Both defendant's contention administratively, and its present more limited position, are legally erroneous. The conditional and exculpatory portions of Schedule C must be construed as limited to drawings "used in the manufacture of such model," promised only "if available" and then not warranted, and not as extending to APG-53A drawings suitable for use, to which, under the GFP clause and Schedule C, plaintiff was entitled as a matter of right. See Thompson Ramo Wooldridge Inc. v. United States, 175 Ct.Cl. 527, 535-537, 361 F.2d 222, 228-229 (1966).20
In light of the foregoing, the Board's decision on plaintiff's claim of delay due to late delivery of drawings is arbitrary, unsupported by substantial evidence, legally erroneous, and not entitled to any finality.
Plaintiff's syllogism is that defendant was required to furnish plaintiff a suitable set of GFP drawings no later than July 1, 1960; that plaintiff did not receive a complete set of drawings until August 3, 1960; and, therefore, that defendant's delay in furnishing drawings in and of itself delayed plaintiff's performance a total of 34 days.
The Board made no findings of fact in these areas. The factual questions involved are for initial determination administratively. United States v. Anthony Grace & Sons, Inc., 384 U.S. 424, 86 S.Ct. 1539, 16 L.Ed.2d 662 (1966).21 It is, however, worthy of present note that, assuming the accuracy of plaintiff's premises, its conclusion by no means follows inevitably. Drawings for the receiver-transmitter, power supply, and computer were delivered to plaintiff July 12 and 13, 1960, within two weeks from the time plaintiff says it should have had the GFP drawings. As defendant suggests, the excusable delay due to late receipt of a complete set of GFP drawings may prove to be less than that claimed.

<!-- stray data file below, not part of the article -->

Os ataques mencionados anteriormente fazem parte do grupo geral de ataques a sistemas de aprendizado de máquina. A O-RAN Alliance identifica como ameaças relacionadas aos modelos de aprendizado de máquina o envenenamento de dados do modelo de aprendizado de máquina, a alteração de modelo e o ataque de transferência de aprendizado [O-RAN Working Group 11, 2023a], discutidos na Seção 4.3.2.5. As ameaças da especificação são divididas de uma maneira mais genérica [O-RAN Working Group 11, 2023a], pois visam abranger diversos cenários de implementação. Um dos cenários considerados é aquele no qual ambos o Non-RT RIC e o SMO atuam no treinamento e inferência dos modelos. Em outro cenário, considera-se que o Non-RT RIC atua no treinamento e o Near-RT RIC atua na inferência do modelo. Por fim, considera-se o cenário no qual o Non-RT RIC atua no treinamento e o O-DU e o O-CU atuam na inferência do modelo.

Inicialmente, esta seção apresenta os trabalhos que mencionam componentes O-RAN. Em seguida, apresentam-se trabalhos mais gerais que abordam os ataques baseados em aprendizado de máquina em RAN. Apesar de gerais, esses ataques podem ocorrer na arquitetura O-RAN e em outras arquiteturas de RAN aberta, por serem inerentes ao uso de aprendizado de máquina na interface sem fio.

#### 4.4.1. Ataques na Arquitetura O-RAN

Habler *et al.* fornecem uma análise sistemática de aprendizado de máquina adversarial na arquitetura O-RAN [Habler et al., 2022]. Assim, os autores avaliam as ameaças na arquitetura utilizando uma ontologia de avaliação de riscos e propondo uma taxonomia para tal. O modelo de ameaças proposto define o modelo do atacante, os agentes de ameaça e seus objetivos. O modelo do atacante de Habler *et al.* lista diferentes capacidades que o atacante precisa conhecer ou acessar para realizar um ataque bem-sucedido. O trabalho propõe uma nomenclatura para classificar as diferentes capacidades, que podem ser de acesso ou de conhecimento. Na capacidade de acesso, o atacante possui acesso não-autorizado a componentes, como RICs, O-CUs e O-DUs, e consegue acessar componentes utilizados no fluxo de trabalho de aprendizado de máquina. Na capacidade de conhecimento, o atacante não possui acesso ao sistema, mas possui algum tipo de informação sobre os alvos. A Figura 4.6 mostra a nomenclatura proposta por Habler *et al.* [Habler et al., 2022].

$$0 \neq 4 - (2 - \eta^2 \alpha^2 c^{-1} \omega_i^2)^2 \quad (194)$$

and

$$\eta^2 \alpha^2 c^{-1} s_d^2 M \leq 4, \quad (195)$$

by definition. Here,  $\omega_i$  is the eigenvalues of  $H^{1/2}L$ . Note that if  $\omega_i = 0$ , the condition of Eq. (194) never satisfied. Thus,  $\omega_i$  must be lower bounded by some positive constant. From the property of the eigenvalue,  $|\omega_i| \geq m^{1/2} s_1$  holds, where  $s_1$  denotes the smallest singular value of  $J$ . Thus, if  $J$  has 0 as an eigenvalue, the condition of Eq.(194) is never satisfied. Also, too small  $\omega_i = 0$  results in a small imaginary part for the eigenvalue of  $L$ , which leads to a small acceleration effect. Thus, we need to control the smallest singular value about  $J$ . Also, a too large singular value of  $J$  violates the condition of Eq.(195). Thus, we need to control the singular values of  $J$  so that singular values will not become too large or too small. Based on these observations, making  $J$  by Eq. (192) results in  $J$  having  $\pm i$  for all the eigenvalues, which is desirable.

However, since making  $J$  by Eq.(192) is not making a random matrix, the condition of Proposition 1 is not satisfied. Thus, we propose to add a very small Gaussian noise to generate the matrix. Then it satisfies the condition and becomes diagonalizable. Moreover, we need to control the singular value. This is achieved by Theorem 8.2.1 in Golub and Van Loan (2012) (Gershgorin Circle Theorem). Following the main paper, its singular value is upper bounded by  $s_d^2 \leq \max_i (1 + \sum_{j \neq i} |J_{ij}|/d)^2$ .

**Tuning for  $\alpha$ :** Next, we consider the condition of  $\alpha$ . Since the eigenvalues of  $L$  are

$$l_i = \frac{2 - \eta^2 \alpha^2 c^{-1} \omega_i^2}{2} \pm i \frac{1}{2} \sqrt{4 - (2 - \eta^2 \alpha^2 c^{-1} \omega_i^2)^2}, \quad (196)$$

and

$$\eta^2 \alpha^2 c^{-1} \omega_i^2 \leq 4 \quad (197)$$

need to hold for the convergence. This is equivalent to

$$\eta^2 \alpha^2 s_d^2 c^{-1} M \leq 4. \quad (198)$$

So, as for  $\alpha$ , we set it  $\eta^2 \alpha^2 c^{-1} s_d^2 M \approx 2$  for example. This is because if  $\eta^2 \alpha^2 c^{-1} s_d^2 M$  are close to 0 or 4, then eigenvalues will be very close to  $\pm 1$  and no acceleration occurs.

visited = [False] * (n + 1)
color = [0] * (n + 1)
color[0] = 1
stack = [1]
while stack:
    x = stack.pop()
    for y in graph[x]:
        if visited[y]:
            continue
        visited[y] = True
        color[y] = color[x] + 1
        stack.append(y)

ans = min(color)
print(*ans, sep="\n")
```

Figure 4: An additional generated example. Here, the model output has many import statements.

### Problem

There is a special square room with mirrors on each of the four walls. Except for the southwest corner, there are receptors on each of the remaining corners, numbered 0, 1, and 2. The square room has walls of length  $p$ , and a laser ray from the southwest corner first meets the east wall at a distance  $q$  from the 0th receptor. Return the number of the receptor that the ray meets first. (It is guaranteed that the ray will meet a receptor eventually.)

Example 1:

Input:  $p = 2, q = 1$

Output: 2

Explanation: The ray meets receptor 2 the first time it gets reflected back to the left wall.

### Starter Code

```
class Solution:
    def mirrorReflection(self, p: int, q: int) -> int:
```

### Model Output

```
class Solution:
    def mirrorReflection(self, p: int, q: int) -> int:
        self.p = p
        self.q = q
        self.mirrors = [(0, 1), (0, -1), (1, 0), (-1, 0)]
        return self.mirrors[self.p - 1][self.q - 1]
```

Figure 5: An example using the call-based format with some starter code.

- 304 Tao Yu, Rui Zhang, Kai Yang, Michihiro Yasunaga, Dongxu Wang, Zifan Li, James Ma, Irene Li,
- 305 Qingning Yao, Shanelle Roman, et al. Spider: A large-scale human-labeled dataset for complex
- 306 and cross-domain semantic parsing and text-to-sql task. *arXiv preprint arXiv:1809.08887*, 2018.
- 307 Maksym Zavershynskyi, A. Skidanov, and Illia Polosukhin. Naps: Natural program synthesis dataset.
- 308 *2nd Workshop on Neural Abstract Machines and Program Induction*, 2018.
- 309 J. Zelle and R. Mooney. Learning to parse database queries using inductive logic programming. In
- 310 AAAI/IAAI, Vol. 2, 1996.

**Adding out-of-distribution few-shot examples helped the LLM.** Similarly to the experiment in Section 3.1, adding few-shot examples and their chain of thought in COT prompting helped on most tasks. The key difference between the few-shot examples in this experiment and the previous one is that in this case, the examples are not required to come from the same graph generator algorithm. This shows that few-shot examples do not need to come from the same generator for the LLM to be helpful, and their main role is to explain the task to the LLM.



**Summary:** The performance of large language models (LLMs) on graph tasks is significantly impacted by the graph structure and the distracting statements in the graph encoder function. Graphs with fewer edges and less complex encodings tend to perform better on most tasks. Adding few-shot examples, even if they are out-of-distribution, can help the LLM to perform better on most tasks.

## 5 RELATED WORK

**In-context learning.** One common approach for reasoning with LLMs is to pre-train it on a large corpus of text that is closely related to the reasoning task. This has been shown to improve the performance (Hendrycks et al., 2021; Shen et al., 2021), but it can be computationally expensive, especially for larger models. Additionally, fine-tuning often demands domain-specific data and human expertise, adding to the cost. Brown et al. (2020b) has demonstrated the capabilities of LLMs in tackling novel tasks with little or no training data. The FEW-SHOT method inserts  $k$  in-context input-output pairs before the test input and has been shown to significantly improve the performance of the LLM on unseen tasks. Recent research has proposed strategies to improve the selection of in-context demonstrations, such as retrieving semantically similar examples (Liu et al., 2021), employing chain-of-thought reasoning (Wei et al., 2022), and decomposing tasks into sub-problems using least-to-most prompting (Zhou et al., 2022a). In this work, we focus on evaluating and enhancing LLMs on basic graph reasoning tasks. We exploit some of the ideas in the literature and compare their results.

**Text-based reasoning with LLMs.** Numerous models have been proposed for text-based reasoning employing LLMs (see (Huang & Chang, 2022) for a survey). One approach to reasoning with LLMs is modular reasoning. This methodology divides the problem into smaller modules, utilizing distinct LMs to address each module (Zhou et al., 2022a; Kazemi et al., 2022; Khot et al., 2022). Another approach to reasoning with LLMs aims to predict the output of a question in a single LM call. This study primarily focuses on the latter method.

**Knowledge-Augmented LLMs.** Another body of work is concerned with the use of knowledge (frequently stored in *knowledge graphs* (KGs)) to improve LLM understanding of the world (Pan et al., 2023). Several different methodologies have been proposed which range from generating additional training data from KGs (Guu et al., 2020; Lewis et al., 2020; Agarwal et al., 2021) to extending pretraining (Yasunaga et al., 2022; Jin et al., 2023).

The Claimed Unsuitability of Drawings
The Board also rejected plaintiff's argument that, when received, the GFP drawings were not suitable for use, and that it was thereby delayed some 75 days.22
Plaintiff contended administratively that under the GFP clause it was entitled to drawings "suitable for use for their intended use, * * * that is, an immediate release [for purchasing]." As noted above, defendant urged before the Board (and plaintiff denied) that Schedule C "takes precedence" over the suitability for use provisions of the GFP clause. The Board "found" that:
* * * the opposing arguments do not meet the real issue. The question to be decided is not whether the Government should be exculpated from liability for alleged failure to comply with Standard Provision 33(a) [the GFP clause], but, more precisely, whether the contractor was delayed for causes beyond its control and without its fault or negligence by virtue of the form and manner in which the GFP drawings were furnished.